The Quest for the Perfect RPG Part 2
"For a wrestler, ye're pretty intelligent."
Greco blushed. He was indeed a wrestler, a huge man with bulging muscles who still wore his bright green and purple costume. His other side- his psychic side- was revealed only by his mane of pure white hair.
When the traveller had recovered sufficiently to talk, Greco had begun questioning teh about the perfect RPG. Teh didn't reveal much at first- it was dangerous to reveal information about such an important quest- but teh sensed something in the man. He was part of it.
"I have dreams about it." Teh said, "I've played it in the dreams. I remember things about what it looked like. I can sense when I'm near it."
"You know... what it is, don't you?"
The Quest, the Plotless Plot, was the most controversial campaign ever to appear in Dungeoneer weekly newspaper for player characters. The Perfect RPG... no ordinary person had any need to even mention it. There was only one rule: wherever you are, whoever you are, by law, you had to either report it to questors or become a questor yourself.
"Nobody, absolutely nobody, has ever seen it." Said Greco.
"How come ye know so much about it yerself?"
That was when Greco told teh of his own gifts. He was psychic, and he was also attuned to the Game Over screen. There was a rift in reality somewhere, accidentally left open, where he could communicate with the Other Side. It was useful, but it was dangerous. He was forever in fear of straying onto the Other Side, or worse, bringing the shadows with him to unknowingly curse others. It was not his place to live with communities of people. His place was with his wife and with the spirits.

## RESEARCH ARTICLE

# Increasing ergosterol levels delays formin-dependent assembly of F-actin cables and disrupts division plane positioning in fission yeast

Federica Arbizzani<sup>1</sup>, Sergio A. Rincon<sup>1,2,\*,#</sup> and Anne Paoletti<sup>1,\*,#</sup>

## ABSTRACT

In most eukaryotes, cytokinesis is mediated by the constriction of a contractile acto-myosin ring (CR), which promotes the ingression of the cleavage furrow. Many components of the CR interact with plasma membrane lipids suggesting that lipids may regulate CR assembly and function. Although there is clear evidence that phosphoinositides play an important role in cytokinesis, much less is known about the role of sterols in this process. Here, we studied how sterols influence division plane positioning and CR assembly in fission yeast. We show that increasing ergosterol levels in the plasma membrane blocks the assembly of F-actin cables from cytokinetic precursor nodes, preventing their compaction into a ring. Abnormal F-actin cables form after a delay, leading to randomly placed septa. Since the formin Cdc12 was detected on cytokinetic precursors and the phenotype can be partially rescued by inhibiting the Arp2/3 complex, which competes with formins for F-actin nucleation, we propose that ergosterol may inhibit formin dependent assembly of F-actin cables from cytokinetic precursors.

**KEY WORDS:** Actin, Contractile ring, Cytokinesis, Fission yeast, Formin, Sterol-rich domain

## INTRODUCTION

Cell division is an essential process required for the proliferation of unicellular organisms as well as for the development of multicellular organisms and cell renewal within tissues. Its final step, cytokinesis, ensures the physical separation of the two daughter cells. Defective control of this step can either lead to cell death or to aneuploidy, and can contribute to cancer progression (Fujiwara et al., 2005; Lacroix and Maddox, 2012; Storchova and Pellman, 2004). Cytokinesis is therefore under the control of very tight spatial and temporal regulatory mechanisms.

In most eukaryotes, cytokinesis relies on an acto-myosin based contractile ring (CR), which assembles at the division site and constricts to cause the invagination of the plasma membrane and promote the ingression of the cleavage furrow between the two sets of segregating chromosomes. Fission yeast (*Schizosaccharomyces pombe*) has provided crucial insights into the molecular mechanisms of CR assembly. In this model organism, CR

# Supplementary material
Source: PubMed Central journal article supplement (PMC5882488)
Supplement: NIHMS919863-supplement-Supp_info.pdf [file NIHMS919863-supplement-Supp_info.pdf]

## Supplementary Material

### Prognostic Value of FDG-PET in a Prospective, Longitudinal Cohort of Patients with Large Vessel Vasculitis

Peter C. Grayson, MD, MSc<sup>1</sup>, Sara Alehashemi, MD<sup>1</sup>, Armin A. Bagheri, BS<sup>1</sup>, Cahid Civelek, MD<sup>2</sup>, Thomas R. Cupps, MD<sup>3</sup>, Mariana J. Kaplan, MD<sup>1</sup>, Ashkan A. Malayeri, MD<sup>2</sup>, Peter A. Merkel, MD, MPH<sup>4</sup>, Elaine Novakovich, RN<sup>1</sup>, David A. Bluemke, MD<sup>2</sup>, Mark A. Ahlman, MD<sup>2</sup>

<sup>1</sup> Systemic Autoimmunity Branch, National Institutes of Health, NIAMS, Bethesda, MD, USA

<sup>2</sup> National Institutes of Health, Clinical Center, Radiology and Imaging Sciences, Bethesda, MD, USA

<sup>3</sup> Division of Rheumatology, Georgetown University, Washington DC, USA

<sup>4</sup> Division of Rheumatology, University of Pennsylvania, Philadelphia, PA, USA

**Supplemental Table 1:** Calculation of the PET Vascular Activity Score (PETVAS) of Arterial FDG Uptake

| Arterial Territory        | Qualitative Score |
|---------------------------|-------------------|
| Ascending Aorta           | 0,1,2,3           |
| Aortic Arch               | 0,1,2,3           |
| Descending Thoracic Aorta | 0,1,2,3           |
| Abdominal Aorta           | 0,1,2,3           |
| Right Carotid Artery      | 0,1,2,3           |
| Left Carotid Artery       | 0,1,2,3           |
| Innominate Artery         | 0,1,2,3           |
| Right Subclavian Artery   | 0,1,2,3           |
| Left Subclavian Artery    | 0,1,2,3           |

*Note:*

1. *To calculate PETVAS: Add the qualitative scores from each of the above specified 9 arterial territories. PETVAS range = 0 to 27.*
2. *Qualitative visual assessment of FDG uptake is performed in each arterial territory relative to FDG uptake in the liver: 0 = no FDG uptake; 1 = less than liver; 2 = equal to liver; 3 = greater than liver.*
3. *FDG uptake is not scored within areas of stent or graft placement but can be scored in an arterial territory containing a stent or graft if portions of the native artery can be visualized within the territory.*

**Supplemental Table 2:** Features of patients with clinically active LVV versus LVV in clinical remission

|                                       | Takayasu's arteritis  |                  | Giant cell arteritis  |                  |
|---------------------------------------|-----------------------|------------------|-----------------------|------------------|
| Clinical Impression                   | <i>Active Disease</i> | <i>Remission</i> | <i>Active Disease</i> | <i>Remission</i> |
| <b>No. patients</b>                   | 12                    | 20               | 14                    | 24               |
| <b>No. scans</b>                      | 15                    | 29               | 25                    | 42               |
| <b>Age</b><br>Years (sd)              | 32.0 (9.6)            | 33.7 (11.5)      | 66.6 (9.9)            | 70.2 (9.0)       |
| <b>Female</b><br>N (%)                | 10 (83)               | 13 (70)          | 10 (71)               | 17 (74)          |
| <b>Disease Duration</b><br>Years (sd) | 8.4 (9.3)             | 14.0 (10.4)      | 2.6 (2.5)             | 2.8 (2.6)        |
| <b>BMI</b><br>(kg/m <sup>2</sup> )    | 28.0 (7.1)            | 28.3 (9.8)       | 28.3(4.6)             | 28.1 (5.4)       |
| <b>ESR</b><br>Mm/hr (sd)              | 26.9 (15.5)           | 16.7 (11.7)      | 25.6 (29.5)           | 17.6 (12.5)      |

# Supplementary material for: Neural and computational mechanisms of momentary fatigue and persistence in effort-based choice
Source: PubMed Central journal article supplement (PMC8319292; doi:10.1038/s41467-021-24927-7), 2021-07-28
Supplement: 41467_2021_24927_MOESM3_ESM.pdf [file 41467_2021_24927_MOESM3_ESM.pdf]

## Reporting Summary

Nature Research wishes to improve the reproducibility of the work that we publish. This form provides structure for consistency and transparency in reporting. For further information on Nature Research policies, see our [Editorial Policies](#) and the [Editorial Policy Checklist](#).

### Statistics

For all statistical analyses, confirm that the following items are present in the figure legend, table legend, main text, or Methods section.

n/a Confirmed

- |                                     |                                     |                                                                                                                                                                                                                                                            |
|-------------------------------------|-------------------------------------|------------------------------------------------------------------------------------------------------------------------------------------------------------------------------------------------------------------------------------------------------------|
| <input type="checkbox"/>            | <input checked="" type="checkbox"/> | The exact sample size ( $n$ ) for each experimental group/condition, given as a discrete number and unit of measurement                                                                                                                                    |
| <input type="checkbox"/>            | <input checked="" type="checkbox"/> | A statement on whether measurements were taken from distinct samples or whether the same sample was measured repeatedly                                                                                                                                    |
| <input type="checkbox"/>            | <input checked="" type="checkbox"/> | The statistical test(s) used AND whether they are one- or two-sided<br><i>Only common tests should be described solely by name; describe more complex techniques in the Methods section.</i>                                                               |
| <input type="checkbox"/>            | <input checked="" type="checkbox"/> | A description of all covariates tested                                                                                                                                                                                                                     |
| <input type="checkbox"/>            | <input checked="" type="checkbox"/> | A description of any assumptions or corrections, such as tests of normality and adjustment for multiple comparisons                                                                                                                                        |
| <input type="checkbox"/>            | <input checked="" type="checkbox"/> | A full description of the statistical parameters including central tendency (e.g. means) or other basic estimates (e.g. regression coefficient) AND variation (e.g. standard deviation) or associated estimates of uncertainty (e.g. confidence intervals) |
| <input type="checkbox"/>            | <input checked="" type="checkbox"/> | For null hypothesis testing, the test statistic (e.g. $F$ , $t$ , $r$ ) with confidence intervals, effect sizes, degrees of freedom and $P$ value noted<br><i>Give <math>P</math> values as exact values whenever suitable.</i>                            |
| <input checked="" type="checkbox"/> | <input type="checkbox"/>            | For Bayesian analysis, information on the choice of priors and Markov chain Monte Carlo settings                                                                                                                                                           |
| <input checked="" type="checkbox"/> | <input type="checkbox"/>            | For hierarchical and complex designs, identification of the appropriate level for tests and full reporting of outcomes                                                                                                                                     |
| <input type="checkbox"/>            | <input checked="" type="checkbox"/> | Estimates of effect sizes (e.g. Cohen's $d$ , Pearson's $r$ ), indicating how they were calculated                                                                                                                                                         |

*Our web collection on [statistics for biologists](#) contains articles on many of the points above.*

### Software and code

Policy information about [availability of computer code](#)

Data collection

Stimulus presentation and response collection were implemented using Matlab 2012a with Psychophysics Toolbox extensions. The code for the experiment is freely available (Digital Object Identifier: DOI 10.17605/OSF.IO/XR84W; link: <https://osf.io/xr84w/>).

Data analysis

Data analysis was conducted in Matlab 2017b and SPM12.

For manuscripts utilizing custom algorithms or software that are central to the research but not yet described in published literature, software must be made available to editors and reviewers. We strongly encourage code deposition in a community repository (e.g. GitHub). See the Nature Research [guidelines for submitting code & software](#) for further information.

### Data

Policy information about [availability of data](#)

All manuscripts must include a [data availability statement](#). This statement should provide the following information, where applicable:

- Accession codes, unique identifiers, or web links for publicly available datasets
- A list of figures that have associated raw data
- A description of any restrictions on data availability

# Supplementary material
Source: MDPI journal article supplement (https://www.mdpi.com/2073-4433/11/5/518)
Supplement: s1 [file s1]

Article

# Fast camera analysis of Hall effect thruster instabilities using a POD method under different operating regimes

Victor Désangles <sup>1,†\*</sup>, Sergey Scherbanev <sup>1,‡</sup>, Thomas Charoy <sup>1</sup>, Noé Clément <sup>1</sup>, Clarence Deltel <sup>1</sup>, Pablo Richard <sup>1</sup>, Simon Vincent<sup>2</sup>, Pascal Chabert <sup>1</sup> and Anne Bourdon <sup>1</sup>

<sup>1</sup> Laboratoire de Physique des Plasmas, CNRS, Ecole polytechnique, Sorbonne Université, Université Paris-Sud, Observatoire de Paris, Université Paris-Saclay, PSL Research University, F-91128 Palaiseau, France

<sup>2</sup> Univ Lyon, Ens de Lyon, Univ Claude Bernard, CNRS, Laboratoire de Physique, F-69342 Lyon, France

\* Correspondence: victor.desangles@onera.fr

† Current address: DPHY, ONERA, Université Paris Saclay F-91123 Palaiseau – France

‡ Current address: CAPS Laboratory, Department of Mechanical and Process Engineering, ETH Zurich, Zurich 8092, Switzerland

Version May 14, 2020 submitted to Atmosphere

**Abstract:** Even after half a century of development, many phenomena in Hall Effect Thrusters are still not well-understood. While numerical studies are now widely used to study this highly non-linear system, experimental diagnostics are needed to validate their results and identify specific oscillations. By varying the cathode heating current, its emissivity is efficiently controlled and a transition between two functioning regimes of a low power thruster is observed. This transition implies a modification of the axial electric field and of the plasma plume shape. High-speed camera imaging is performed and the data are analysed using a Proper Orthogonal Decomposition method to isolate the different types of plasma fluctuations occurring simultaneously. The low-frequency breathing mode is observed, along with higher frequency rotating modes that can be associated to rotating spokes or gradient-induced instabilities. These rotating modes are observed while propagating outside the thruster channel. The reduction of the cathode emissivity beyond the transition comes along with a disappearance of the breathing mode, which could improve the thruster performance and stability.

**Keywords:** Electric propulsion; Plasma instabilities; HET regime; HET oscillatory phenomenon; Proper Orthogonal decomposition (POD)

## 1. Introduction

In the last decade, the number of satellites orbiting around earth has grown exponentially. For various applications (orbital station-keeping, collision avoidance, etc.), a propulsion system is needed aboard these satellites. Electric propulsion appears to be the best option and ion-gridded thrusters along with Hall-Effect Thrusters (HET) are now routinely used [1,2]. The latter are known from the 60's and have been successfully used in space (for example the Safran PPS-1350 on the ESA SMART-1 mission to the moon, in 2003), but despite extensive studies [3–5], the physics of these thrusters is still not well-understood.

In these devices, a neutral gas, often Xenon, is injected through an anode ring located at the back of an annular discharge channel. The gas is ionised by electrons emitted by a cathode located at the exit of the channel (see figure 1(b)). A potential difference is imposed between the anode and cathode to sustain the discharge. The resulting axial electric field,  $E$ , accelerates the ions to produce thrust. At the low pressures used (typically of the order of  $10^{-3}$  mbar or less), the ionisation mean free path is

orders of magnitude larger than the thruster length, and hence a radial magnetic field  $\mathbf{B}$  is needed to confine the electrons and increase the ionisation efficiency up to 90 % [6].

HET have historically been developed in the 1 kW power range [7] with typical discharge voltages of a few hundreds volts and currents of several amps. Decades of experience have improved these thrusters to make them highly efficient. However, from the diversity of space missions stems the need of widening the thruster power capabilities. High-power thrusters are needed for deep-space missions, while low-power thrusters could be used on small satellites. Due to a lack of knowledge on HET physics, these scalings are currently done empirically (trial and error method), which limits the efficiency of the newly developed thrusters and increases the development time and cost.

"This is what the spirits are so restless about." He told his new friend, "The Perfect RPG. You're going to find it. Right here."
A few blades of grass began to ripple. Greco nodded and continued his meditation. The wind that was stirring was no earthly wind. Its chill touch was the touch of death itself- the first probing of an intelligent spiritual energy, the soul of the Other Side, given a potential pathway to a land that was foreign to it. Greco was summoning spirits from the realm of Game Over.
The wind became stronger. It seemed to slowly condense into shadowy blue mist. Empowered by the psychic touch of the silent wrestler, the mist grew thicker, glowing, and drifted together in a pool of blue light. Where the light collected, the earth gave off psychic resonations that felt like an earthquake to Greco. In his minds eye, the ground solid open, revealing huge single rift, from which a brilliant blue light emanated. A rift between Game Over and the land of the positive. Greco could see the shadowy forms of those on the Other Side trying to climb out.
"No!" Greco commanded psychically, "You will make everything crash!"
"The bright one speaks the truth." Said another voice, a voice that sounded more like a secretary than a spirit, "Why have you summoned me to this world, which is bright and burns me?"
"It concerns that which keeps you busy, dark one." Greco bowed, "The perfect RPG."
As much as it was possible in a void, the spirit looked startled.
"So it is truly happening. I thought I felt it. Is it he?" said another spirit.
"No, it is not me, but the One is very close."
"What are you talking about? Tell me!' demanded Greco.
"As usual for your petty short-lived race, you cannot comprehend the magnitude of what we are discussing." The spirit said rudely, "Mortal creatures are not the only things that die. Suns do too, and stars, and planets, and one day, even the universe. You would do well to remember that."